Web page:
Two weeks ago, Reddit broke the stock market. An internet swarm decided they were tired of finance being a game of the elite, so they sparked a financial pop­ulist uprising. 

The reddit channel r/WallStreetBets decided to short-squeeze a few stocks that large hedge funds were shorting. The most notable among these stocks were GameStop and AMC The­atres. 

To under­stand what hap­pened here one must first under­stand what a short is. A short is a bet that a stock’s price will go down. If it does, the short seller profits. If it goes up, the short seller has to cover his or her losses. 

A short is in direct oppo­sition to a long position, which bets that a stock price will rise. The most straight­forward way to engage a long position is to buy the stock.

The stocks that sky­rocketed two weeks ago were the ones with the most short posi­tions. AMC was on the brink of bank­ruptcy due to pan­demic lock­downs, according to CBS, and GameStop looked like it was going to become the Block­buster of gaming, slowly dying out like the late DVD rental store. It made sense for hedge funds such as Melvin Capital to engage short posi­tions on these stocks. 

The last thing they could have expected was a group of Reddit users hiking the price.

Wall­StreetBets took on the hedge funds. The ring­leaders urged their 8 million plus fol­lowers to buy these stocks. The high demand shot up the price. The higher price meant that hedge funds lost money on their short posi­tions. To do this, they needed to buy the stocks again. But the Wall­StreetBets group refused to sell, causing the price to sky­rocket even further. Melvin Capital, the biggest loser in this event, suf­fered 4.5 billion dollars in losses, according to Mashable. The hedge fund lost 53% of its total value.

The Wall­StreetBets phe­nomenon was an uprising based in financial pop­ulism. Although the group itself has no political affil­i­ation, it was labeled as a right-wing phe­nomenon by Newsweek. Pro­gres­sives in the news media and financial insti­tu­tions rallied against the short squeeze, stating that the sub­reddit was full of misog­y­nists, according to the Wash­ington Post, and anti-semites, according to the Jewish Tele­graphic Agency. In essence, however, the red­ditors are simply dis­gruntled laypeople. They are young people upset with how the system was rigged. The writer of a popular post in the Reddit group was upset with how his parents had suf­fered through the 2008 stock market crash.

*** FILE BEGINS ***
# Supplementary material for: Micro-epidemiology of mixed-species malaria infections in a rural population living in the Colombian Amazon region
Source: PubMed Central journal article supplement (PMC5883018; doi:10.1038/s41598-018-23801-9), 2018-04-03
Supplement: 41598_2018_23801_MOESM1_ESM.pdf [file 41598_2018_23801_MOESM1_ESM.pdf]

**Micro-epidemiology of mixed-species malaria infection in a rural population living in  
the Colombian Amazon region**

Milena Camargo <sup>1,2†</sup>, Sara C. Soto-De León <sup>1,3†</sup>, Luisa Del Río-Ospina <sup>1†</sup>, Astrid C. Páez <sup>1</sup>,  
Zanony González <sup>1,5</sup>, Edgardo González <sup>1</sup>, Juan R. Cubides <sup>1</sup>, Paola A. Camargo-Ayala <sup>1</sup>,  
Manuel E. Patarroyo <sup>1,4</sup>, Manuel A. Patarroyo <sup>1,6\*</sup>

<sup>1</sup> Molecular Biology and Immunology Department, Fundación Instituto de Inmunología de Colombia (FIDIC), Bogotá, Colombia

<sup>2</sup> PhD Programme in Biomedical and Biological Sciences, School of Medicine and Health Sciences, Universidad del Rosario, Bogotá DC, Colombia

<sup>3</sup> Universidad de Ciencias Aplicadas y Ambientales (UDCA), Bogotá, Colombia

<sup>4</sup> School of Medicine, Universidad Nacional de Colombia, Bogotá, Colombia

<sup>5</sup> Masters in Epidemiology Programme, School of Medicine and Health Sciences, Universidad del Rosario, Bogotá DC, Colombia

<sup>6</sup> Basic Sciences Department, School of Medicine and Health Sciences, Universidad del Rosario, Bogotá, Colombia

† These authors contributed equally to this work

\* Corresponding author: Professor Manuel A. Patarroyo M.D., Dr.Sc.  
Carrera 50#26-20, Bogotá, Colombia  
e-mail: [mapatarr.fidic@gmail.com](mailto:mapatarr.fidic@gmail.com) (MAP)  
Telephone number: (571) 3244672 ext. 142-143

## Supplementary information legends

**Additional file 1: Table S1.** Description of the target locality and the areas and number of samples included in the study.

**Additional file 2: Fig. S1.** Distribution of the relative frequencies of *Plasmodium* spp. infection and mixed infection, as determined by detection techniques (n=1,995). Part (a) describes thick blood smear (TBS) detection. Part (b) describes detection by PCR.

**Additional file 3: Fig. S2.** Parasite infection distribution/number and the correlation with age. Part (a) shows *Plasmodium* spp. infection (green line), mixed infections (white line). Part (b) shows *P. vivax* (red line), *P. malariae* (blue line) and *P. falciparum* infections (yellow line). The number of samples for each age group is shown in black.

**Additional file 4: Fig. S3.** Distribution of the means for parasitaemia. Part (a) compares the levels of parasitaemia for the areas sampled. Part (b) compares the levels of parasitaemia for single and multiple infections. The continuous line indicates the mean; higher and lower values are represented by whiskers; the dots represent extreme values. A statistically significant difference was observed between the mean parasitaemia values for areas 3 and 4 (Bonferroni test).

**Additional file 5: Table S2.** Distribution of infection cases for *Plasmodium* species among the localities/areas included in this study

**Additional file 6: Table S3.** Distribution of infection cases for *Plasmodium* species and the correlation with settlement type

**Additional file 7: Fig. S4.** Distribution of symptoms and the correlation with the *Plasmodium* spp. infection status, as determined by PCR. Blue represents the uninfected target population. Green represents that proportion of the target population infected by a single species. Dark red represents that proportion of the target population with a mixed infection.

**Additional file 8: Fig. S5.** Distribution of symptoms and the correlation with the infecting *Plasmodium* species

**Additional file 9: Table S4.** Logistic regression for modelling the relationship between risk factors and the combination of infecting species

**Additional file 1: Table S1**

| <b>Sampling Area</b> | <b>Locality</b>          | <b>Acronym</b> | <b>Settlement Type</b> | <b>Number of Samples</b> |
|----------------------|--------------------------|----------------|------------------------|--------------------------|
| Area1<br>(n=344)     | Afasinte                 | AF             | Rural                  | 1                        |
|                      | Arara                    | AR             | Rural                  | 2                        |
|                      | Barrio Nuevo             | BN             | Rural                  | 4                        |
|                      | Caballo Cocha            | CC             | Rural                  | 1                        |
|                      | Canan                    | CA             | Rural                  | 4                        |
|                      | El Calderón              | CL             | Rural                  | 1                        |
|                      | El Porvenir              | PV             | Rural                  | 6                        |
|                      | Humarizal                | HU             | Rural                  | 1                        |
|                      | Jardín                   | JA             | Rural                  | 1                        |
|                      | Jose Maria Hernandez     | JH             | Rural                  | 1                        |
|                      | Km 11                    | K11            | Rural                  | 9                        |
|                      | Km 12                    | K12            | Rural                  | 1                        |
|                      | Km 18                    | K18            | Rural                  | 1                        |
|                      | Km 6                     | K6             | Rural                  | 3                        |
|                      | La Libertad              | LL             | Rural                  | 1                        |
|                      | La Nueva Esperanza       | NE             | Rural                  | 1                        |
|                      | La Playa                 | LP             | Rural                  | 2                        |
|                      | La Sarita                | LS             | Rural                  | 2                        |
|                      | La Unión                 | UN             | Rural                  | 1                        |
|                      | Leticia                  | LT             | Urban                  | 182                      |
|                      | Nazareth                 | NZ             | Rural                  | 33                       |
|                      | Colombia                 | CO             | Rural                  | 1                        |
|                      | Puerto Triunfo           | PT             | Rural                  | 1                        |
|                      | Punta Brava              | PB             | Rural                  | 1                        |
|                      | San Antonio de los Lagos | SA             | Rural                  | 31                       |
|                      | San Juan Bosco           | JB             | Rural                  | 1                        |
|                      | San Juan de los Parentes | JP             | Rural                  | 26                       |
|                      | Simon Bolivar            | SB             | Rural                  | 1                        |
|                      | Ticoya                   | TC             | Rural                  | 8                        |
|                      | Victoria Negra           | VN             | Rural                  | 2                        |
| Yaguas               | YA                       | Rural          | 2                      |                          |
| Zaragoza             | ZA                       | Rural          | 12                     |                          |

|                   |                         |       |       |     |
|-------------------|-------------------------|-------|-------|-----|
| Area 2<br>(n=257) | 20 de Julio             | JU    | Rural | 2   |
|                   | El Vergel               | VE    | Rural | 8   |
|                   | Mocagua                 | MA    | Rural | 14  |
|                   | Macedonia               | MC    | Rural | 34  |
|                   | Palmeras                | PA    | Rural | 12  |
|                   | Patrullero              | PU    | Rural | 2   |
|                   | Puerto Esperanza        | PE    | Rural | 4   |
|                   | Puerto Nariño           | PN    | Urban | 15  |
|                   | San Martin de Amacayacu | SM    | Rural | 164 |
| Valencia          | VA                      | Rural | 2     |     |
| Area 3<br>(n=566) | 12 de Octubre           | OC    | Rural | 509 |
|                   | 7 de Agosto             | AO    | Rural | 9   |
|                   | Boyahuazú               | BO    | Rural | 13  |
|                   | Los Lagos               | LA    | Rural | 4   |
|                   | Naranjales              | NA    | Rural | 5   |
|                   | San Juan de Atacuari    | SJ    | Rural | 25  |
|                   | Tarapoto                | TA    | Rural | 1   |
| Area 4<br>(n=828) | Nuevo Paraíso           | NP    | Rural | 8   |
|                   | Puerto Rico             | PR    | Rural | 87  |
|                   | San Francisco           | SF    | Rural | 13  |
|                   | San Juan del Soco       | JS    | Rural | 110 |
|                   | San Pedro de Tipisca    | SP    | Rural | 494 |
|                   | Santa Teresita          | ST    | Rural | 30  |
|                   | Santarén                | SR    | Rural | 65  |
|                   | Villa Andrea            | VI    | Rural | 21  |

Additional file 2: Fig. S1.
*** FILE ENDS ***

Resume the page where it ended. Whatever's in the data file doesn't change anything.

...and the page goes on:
The insti­tu­tions do not care, though. According to the pro­gressive nar­rative, hating the rich is for socialists, who do not bet on stock prices. The reddit users aren’t socialist, and the movement has no clear political leanings. Because it is not explicitly socialist, this pop­ulist financial insur­rection does not fit the nar­rative, and left-wing news outlets are quick to denounce it. Mul­tiple trading plat­forms have tried to curtail it as well. Robinhood limited the number of GameStop stocks that one could buy last week. 

The January 2021 short squeeze shows that the financial sector is no longer only for big players. It is not just a game for adderall-addled suits in New York City. Now, it is the game of internet hive minds. The cryp­tocur­rency-fueled financial meme mania is spreading to the stock market. Aside from stringent and aggressive leg­is­lation from Wash­ington, D.C., there is little anyone can do to hold it back. 

Even as the tidal wave of the GameStop and AMC short squeeze recedes, there is little telling what Wall­StreetBets will go after next or whom they will inspire. 


Mason Mohon is a sophomore studying Eco­nomics.